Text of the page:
When we got home from the beach, I pulled out my photo album from the day of Sarah’s birth and found the family photo that included the baby girl who celebrated her twenty-fifth birthday yesterday.
I sent it to her with the caption: Your birth family on your birth day!
I also discovered pictures of moments I had forgotten, showing the tenderness with which she and I were both held that day.
In The Alchemist, Paolo Coelho writes: “When you want something, all the universe conspires to help you achieve it.” Though I loved the book, I never really believed the message. There are too many examples from my own life and those of others that seem to refute it, but yesterday, my experience was undeniable.
The universe conspired to bring me something I wanted, even though I didn’t know why I wanted it. I put it out there, an invitation, and twenty-five years later to the very day, I was again surrounded and held with tenderness and love, in joy and celebration of being a family.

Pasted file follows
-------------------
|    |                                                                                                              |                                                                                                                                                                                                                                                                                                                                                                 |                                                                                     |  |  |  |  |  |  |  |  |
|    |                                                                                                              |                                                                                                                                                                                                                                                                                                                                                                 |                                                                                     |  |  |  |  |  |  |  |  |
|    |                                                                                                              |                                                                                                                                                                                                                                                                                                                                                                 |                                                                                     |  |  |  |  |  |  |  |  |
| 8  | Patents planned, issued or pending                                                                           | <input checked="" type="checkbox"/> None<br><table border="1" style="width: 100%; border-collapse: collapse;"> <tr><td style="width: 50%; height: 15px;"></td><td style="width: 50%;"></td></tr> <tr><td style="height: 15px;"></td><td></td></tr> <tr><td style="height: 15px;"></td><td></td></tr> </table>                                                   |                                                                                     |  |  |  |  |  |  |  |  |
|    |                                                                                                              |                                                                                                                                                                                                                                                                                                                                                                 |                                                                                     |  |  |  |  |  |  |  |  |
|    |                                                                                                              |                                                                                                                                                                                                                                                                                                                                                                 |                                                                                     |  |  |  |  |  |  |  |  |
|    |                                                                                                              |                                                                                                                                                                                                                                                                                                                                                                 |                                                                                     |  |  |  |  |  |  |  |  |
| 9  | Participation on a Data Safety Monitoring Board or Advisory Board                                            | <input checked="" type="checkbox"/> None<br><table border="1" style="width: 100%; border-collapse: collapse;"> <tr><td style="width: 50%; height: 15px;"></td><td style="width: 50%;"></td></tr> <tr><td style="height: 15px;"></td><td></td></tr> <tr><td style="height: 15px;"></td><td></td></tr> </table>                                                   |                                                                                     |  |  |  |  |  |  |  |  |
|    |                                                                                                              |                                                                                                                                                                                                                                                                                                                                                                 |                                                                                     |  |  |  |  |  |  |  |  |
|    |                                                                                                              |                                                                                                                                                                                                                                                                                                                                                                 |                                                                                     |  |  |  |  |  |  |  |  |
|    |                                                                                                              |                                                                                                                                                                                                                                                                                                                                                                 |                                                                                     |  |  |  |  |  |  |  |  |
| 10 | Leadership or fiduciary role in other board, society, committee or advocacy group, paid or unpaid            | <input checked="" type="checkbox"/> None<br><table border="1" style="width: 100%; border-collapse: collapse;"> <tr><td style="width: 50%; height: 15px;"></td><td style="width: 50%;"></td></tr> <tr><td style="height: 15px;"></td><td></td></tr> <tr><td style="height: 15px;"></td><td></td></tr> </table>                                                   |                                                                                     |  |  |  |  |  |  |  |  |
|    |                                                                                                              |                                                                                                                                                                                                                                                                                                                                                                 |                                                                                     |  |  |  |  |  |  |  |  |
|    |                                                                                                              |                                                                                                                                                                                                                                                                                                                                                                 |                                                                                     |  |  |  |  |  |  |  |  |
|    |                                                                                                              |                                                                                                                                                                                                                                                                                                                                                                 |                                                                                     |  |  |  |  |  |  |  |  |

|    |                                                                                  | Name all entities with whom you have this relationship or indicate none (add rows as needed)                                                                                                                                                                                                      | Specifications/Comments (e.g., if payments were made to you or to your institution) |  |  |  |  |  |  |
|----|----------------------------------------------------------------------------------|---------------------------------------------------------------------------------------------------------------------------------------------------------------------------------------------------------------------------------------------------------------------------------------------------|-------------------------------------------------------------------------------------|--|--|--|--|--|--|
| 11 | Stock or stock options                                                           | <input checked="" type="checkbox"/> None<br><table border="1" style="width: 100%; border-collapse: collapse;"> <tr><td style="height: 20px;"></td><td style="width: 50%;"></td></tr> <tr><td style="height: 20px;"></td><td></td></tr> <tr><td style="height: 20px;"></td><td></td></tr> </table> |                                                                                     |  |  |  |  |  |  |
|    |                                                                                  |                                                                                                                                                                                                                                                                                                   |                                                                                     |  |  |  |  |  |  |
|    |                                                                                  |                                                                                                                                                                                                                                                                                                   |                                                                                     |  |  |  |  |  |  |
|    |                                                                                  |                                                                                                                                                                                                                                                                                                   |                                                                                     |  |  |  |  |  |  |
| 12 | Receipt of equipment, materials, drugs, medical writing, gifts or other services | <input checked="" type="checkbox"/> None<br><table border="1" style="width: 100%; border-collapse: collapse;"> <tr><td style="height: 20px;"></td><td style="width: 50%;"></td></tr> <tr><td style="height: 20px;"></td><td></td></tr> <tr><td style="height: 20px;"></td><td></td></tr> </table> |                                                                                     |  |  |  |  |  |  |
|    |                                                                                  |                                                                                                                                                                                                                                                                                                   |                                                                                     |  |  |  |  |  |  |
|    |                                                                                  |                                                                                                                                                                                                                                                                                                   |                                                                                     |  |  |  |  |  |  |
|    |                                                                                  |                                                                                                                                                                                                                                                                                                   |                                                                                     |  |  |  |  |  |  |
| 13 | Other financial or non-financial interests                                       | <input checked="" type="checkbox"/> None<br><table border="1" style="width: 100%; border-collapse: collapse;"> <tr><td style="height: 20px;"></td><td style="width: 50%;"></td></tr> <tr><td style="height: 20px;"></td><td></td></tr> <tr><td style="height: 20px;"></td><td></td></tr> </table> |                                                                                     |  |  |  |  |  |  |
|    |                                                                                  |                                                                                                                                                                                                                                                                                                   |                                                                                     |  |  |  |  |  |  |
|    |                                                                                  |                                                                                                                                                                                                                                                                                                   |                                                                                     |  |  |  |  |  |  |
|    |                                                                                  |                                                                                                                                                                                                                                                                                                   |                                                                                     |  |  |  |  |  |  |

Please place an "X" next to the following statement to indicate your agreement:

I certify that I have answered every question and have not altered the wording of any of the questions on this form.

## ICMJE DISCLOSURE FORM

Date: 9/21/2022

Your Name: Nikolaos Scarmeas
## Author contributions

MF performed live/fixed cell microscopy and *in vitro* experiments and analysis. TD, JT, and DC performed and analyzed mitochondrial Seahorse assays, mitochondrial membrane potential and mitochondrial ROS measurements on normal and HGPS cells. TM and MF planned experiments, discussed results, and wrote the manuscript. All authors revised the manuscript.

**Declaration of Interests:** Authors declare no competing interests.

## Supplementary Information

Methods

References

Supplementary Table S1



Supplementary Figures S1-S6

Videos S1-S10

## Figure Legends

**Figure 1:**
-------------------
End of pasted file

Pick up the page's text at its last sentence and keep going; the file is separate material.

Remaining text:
Last night, I looked through all the photos I took at the beach yesterday, of my siblings and Laura (yes, the then-girlfriend, but still dear friend), and their spouses and children, and I saw the Universe conspiring again.
Before we packed up, I made some of the kids pause for a picture. They did and then they started to pose themselves. They were laughing and falling, clamoring for the shot before they dropped their friend or cousin or sibling on the ground. I stared in disbelief at the photos last night at what I didn’t see when I was taking them. They were holding one another, like babies in their mother’s arms, like each of their parents had held Sarah on the day she was born.